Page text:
“Just being in Paris made me want to pursue that subject—just being a black body in a city like that, dealing with the different ways that my body was being read. As American, as black, as foreign,” Jackson says of her movement between cultures. “Most of the world is at a loss in how to deal with this subject. When I first started traveling and having interactions with people who were making assumptions about my character that had nothing to do with my own experience, I was at a loss in terms of how I could confront or contradict these assumptions without coming across as angry or accusatory. There was this overall sadness that I couldn’t walk into a room and not have these things assumed.” Her ultimate goal: “To enter on my own terms, on my own being—for that to be the base and not something I have to work toward in every interaction.”
This is just one reason why it is necessary for her to put her own body into the work, the mental and symbolic space where it is up for scrutiny. In doing so, she can also embody multiple possibilities from one work to the next, or in a single portrait, where her form is repeated as a group. Even more importantly, she does not repeat the error of the photographers to whom her work is a retort.
“I couldn’t use a model because there would be no intervention in the work. Part of my thesis deals with these faced but nameless women whose bodies were put out for speculation as specimens. In dealing with that kind of activity, that photographic history, to just do it over again would offer no intervention. And in cases where I find the interaction between model and photographer to be violent, it would be enacting that violence on another woman’s body. If I am to create this body of work and have this criticism, then I have to put myself in the position to bear that.”
“When you see a photograph of an African in the middle of the nineteenth century that shows a semi-nude woman, what does that conjure up for you? One of the things I realize early on was that at a time, it was pornographic to look at a white woman’s breasts but to look at a black woman’s breasts in the nineteenth century, it was almost anthropological. Whether or not people sexualized the black female body isn’t the point. The point is that it was allowed, whereas the other body that [for the ruling white majority] looked more like one’s sister or one’s mother or oneself had to be protected. There are two different readings of two different bodies in the same context, and what does that say about where we are right now? How have been taught to think? How have been taught to see?”
In her subtle way, Jackson is retraining the eye of her audience to more honestly evaluate documents from a period of time that has been rather ignored not in spite of its importance to racial issues, but because of it and how painful the truth is. It is not just a didactic process, though. Jackson’s fills in the blanks and “expands the map” of global perceptions of blackness, but she makes images that are objectively beautiful and tender. Whereas the art of protest is often as fiery as it is ephemeral, Jackson’s work abjures dogma and of-the-moment identity politics to express the transcendent human behind it all.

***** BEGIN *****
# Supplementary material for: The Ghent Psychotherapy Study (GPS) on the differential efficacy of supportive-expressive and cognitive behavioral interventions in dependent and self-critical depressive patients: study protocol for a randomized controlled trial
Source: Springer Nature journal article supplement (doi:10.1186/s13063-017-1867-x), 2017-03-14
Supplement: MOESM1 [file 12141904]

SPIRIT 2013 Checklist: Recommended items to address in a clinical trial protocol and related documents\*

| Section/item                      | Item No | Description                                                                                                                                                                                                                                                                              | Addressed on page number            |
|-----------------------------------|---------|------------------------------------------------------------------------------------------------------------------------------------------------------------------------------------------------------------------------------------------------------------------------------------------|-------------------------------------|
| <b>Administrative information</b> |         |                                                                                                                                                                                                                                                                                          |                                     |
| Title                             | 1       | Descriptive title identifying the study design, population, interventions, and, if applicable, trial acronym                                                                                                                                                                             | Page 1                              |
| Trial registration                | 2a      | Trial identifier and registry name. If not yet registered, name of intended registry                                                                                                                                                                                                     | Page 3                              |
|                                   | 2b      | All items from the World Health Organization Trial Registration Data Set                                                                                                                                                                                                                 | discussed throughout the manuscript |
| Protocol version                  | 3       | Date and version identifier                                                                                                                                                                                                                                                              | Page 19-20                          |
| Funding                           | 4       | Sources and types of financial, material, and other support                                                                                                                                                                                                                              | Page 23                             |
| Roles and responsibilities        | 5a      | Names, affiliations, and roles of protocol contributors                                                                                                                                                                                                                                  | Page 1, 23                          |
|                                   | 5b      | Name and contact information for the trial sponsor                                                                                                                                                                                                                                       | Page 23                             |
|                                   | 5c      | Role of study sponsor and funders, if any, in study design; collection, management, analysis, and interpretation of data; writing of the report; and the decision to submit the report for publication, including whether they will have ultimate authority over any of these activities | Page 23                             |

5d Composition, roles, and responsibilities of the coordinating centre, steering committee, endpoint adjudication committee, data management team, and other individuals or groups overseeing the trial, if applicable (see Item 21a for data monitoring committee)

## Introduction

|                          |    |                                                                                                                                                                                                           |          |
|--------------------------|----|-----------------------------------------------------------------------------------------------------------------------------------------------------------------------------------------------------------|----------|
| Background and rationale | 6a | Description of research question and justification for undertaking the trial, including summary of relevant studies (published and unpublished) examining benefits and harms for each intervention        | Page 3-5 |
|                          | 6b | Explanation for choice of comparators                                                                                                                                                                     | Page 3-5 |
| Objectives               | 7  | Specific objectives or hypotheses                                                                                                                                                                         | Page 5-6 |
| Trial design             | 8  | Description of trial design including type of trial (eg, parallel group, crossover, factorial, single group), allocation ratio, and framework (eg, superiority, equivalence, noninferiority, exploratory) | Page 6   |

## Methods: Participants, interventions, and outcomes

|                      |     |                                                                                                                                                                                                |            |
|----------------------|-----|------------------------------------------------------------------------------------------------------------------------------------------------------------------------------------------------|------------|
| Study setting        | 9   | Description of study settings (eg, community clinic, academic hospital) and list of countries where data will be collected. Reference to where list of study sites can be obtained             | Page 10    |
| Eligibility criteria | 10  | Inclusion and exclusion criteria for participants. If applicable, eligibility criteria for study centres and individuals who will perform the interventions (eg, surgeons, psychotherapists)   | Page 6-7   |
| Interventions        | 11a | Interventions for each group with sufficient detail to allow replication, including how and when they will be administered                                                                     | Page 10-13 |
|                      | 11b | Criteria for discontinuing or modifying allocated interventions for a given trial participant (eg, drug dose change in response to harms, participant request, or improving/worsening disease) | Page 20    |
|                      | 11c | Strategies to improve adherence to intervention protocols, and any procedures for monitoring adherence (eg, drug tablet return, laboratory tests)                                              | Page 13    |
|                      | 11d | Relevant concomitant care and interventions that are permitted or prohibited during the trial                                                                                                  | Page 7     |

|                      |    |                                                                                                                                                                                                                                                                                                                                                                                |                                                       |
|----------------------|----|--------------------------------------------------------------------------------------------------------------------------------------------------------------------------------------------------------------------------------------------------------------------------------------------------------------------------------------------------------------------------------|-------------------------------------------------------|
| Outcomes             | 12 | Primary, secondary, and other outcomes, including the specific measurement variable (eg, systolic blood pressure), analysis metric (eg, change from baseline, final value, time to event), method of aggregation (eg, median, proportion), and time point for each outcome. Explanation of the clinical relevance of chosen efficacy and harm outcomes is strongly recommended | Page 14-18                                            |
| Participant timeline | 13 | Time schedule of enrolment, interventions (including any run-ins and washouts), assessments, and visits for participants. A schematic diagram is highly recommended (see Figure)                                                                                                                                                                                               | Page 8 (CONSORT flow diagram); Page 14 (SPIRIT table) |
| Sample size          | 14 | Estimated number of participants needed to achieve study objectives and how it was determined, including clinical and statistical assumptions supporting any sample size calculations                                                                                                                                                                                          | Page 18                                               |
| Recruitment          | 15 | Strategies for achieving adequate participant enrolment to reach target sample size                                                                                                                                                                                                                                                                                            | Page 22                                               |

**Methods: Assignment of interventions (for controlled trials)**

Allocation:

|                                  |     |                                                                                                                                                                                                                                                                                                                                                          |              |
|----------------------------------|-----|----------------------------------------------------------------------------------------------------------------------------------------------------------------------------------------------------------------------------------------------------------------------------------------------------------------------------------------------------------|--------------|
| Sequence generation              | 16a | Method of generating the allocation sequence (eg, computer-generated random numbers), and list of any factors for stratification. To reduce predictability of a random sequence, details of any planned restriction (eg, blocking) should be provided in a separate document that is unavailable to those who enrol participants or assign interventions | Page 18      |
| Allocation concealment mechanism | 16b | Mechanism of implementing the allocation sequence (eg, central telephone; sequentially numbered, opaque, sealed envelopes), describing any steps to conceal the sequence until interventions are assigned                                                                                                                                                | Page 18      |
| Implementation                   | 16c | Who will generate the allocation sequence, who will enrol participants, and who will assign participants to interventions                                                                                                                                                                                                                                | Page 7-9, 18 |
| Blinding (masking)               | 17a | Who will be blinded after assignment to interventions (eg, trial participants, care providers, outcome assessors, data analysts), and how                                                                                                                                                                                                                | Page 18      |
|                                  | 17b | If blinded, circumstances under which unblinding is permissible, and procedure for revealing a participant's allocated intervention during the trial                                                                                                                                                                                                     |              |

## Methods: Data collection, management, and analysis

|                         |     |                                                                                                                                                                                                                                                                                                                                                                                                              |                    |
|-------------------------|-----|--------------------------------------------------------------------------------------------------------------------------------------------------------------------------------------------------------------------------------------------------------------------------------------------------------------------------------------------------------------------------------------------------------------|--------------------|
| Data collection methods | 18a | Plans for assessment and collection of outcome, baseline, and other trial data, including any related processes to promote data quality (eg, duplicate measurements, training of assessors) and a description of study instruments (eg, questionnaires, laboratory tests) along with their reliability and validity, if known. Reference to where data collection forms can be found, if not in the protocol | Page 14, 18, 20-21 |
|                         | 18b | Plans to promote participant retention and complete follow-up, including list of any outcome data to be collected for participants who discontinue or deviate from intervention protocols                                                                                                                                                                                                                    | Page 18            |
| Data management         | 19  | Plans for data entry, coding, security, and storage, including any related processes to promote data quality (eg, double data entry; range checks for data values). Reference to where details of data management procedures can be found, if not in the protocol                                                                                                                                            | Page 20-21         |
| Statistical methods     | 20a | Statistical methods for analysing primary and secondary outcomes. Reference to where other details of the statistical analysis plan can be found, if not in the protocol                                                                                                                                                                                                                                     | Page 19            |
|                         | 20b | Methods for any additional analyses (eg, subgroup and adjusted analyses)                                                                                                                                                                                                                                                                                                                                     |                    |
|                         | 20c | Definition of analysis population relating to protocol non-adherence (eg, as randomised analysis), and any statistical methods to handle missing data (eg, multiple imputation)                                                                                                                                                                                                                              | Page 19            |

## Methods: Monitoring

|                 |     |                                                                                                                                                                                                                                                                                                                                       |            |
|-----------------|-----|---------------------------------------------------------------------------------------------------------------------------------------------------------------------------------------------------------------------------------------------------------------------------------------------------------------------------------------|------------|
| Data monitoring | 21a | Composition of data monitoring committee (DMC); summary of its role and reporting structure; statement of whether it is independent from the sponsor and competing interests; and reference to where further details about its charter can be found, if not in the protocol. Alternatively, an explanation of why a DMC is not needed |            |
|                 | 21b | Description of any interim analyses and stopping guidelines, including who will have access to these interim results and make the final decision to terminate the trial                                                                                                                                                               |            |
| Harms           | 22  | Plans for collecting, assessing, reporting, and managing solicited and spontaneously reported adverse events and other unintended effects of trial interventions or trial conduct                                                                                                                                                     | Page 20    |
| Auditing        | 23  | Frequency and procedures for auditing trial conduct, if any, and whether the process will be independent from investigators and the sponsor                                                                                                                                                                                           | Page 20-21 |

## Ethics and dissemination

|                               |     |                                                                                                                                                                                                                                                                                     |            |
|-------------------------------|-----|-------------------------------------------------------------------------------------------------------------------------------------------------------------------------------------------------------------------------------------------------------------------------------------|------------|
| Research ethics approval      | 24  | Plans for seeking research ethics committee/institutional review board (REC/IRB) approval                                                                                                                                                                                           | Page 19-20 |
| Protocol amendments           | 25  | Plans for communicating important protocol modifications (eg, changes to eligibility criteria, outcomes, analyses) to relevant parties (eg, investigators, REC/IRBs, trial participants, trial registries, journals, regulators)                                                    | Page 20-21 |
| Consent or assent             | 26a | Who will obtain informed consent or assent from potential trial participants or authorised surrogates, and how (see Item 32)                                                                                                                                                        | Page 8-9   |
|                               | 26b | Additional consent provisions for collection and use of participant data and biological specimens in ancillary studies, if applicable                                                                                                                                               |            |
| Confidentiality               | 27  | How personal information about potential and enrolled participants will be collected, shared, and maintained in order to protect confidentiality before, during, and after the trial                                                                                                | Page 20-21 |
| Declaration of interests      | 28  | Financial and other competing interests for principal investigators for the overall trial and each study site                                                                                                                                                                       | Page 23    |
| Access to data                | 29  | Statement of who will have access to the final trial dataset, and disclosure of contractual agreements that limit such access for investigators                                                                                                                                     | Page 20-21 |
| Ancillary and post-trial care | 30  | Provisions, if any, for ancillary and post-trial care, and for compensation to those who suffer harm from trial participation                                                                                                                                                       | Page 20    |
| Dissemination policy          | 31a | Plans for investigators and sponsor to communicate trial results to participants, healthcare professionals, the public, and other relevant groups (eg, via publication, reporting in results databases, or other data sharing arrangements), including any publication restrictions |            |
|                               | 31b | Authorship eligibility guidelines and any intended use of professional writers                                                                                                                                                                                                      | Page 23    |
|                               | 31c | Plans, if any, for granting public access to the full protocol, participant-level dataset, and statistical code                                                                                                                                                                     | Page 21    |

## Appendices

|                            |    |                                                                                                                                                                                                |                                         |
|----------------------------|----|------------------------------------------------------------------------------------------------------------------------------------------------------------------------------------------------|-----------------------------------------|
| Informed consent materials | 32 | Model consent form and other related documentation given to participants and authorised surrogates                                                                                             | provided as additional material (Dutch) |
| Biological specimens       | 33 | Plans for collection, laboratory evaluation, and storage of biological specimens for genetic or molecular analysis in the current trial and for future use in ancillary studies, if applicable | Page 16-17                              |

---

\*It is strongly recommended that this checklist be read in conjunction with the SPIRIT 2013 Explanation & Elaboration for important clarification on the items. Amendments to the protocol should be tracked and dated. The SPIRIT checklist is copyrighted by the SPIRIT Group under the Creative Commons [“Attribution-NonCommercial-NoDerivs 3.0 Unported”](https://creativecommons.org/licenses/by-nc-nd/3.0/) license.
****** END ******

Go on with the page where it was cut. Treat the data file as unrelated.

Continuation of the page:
This even applies in the case of the most disturbing work shown at the gallery (in its enclosed dark room). Titled “Death,” it places Jackson at center, nude and standing peacefully—viewed at a distance. In fact, it depicts the aftermath of a lynching, but the photo has been altered such that the setting (an actual former plantation, with the manor and slave lodgings visible in the background) has been manipulated and solarized until it is a pale, ethereal filigree of white and lilac vegetation. The noose is white, too…
It’s a polarizing piece, one that might be mistaken as an explicit protest (or worse, “shock art”), but it is more complicated than that. Jackson is excited by the potential of global protest movements (specifically tied to #BlackLivesMatter) and she has attended public events, but she speaks for herself and her own philosophy first. Above all, she notes that the fire of protest and revolution may not always be motivated by healing.
“Whether we are part of the protest movement or part of the perpetration, I get a sneaking feeling that we don’t want out of it. There’s a pleasure in fighting. There’s a pleasure in perpetrating a crime. That’s something I wanted to replicate in [“Death”]. There are moments when you can look at it from a distance and it will look something like a Venus de Milo, a pieta. But at some point you are actually confronted with the actual terror of it.”
Unless it is censored, that is. Before making its way to Seattle, it and other works from Archival Impulse were shown at WSU this year. “Death” was placed such that most anyone walking through a corridor would be confronted with it—but it was surrounded with screens that forced one to navigate into a smaller space with it. When Jackson visited the university for a lecture, the screens were removed, and it was only because someone remarked about it to her that she was made aware of this curatorial adjustment. When she left, the screens went back up.
It’s disturbing that in a place of learning an inquiry the most challenging image was covered. It’s the very sort of obfuscation that Jackson is critiquing in her work, so at least it proves how necessary her work is. Officials speaking to Jackson explained that it was censored because it might trouble new students. Bureaucracy exists to uphold systems and bury conflict under procedure, so that doesn’t come as a surprise—but what a cowardly excuse from an academic institution, and what a perfect example of a society that has put petty peacekeeping over intellectual rigor and honesty.
It is all on display with due grace and reverence in Seattle. I highly recommend spending time with it firsthand, because I could spill thousands more words on this subject, but as Jackson’s whole practice reveals, pictures are a language all their own, and we are still learning to read.
Archival Impulse is on display at Mariane Ibrahim Gallery (608 2nd Avenue) through October 24, 2015.